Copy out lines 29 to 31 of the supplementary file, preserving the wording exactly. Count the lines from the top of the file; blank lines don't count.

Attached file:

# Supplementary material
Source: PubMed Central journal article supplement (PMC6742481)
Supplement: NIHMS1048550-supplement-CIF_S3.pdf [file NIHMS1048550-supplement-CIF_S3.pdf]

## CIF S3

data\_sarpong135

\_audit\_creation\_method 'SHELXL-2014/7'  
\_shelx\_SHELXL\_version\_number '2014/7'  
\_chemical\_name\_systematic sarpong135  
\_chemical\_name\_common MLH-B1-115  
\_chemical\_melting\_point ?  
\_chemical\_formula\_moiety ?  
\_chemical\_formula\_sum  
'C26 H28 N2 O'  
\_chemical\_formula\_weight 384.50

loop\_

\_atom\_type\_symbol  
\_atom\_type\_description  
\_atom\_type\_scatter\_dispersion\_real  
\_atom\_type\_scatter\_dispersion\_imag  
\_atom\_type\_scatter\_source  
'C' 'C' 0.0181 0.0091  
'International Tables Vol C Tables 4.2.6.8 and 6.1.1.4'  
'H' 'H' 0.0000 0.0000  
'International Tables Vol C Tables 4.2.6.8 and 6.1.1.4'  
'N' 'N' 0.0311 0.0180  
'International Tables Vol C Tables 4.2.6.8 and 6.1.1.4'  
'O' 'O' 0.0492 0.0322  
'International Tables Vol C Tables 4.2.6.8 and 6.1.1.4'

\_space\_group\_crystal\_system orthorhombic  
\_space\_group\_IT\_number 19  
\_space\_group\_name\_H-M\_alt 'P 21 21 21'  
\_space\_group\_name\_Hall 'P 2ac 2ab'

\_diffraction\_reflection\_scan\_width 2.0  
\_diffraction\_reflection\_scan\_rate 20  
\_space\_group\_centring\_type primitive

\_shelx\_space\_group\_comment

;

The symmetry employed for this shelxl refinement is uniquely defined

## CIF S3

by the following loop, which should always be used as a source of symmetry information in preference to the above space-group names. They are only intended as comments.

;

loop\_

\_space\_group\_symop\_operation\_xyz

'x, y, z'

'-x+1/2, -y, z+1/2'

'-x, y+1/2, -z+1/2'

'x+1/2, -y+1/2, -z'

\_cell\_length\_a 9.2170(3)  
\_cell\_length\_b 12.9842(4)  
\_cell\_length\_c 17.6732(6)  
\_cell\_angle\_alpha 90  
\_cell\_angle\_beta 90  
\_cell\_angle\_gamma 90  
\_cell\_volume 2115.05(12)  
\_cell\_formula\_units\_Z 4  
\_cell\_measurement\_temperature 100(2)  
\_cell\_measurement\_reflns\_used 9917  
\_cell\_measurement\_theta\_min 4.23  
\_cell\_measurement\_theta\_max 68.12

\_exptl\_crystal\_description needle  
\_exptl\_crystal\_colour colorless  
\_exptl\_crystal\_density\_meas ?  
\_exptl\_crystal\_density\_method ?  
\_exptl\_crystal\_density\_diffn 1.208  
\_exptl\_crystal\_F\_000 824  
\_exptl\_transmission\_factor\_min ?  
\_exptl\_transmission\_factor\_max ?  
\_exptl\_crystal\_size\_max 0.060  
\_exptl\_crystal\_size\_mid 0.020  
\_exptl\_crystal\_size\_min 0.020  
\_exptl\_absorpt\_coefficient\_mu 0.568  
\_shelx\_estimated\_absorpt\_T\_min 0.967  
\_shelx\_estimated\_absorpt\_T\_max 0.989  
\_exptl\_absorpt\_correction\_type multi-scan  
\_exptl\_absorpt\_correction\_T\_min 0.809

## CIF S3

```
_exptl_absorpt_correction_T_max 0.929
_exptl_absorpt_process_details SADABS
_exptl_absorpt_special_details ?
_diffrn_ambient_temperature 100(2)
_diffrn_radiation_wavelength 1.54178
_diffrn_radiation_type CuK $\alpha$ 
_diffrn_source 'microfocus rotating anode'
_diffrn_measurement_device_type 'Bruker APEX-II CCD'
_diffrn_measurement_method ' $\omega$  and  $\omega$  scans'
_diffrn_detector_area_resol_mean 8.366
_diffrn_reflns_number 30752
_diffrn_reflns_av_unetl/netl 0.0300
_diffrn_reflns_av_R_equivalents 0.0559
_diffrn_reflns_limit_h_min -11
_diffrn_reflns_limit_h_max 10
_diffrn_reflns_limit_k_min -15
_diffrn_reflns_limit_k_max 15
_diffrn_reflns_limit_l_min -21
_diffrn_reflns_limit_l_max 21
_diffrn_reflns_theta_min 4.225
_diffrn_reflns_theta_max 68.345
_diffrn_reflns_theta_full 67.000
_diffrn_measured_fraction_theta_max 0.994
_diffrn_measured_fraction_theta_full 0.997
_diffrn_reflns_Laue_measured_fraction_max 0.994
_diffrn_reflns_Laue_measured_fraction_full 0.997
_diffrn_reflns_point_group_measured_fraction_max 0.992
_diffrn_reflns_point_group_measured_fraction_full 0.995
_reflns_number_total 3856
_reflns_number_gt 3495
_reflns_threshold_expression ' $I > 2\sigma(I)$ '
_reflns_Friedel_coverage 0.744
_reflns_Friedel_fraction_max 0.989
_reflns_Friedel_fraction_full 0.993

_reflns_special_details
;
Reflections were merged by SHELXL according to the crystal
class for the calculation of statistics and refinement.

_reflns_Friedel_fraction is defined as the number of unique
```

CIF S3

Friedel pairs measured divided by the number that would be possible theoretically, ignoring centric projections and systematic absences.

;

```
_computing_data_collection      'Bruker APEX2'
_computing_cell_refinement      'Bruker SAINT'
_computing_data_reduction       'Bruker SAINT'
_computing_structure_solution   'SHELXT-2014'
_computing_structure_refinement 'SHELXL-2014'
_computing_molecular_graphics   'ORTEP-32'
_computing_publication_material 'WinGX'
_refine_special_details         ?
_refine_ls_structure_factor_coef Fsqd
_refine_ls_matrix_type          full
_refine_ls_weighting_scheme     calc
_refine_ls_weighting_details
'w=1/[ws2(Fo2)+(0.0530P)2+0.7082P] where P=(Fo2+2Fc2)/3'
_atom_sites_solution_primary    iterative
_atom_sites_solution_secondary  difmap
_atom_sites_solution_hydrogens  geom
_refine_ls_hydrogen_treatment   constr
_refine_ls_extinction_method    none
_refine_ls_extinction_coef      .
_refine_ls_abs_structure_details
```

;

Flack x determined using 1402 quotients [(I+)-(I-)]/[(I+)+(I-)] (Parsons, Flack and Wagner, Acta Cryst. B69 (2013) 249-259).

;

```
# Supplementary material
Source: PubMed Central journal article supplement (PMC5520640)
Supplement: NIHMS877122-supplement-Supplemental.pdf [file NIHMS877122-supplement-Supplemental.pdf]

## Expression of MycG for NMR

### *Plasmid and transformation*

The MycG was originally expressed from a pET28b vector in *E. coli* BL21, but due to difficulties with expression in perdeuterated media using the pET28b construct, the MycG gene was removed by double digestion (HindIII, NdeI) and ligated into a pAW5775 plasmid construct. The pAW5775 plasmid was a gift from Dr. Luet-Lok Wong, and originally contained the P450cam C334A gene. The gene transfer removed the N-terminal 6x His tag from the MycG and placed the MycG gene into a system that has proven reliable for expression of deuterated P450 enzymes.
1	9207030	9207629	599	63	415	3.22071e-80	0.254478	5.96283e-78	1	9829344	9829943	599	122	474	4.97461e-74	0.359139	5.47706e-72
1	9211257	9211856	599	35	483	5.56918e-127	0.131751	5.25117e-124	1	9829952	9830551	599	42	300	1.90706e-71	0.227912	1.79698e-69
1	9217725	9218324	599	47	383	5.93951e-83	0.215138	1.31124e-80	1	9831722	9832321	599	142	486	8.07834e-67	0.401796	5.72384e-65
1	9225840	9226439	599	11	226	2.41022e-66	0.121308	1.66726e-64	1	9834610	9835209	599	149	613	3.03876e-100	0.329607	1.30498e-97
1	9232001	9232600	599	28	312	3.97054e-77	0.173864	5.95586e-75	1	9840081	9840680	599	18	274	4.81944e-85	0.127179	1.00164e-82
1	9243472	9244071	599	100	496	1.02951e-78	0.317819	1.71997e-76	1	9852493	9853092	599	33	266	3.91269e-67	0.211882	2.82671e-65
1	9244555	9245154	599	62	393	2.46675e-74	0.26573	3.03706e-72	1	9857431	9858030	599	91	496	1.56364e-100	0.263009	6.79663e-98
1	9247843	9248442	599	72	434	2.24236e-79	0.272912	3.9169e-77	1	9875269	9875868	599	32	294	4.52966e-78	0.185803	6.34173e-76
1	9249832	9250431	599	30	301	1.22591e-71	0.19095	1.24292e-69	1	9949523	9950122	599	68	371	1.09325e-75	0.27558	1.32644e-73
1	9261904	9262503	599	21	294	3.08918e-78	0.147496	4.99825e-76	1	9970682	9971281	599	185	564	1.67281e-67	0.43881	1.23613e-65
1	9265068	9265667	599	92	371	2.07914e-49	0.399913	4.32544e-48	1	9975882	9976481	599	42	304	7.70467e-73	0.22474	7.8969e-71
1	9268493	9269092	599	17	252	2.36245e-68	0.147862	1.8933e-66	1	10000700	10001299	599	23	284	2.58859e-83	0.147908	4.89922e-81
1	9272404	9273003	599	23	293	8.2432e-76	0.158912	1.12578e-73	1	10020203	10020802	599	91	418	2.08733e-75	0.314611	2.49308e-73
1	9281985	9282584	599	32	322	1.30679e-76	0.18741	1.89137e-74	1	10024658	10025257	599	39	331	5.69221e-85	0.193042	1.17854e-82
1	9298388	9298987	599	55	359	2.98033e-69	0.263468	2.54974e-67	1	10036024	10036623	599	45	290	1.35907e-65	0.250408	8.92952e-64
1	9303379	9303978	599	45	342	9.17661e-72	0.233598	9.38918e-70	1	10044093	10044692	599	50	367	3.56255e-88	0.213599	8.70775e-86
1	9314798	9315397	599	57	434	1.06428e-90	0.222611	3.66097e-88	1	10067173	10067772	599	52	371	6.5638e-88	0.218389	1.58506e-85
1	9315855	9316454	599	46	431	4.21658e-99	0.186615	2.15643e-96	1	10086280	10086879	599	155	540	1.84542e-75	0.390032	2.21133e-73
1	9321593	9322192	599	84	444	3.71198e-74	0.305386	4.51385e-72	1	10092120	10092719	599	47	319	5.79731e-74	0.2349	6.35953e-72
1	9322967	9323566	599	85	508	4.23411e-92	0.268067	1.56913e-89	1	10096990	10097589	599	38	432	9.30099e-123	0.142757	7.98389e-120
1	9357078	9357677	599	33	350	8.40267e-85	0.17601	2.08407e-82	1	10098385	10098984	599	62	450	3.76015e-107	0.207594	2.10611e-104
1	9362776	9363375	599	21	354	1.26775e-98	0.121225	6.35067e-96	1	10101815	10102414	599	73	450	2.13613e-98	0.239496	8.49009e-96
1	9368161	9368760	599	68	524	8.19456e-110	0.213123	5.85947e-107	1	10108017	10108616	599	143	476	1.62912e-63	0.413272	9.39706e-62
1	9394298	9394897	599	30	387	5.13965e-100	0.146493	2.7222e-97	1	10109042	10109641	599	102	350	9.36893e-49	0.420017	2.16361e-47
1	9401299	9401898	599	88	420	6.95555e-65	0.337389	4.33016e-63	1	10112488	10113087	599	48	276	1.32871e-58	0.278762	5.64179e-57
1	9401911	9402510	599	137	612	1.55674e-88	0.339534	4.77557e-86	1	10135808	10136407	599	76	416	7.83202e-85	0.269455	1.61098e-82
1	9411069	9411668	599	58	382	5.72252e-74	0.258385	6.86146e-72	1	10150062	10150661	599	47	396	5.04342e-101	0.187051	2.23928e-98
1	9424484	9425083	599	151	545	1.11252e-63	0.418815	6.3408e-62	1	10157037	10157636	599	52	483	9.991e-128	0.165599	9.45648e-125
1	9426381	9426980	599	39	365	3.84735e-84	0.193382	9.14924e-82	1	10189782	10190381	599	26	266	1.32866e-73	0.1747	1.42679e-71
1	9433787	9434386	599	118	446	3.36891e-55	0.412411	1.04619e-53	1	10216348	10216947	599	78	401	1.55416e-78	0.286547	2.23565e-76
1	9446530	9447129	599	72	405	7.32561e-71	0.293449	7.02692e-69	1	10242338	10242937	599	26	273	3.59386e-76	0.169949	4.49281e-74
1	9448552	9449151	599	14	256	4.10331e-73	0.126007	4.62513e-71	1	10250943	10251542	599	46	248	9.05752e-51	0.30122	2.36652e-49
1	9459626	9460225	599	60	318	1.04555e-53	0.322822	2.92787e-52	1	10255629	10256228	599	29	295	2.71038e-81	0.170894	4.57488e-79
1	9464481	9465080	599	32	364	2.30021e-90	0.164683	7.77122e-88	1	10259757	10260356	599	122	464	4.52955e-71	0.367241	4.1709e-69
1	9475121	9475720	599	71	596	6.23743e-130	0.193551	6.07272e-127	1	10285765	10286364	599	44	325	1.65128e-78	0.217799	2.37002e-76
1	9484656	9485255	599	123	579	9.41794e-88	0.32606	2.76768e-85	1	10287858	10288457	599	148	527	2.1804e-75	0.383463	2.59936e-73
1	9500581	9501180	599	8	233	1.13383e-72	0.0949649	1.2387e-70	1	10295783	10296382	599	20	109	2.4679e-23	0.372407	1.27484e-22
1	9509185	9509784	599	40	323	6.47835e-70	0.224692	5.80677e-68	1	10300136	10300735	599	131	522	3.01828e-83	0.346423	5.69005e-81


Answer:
\_space\_group\_crystal\_system orthorhombic  
\_space\_group\_IT\_number 19  
\_space\_group\_name\_H-M\_alt 'P 21 21 21'  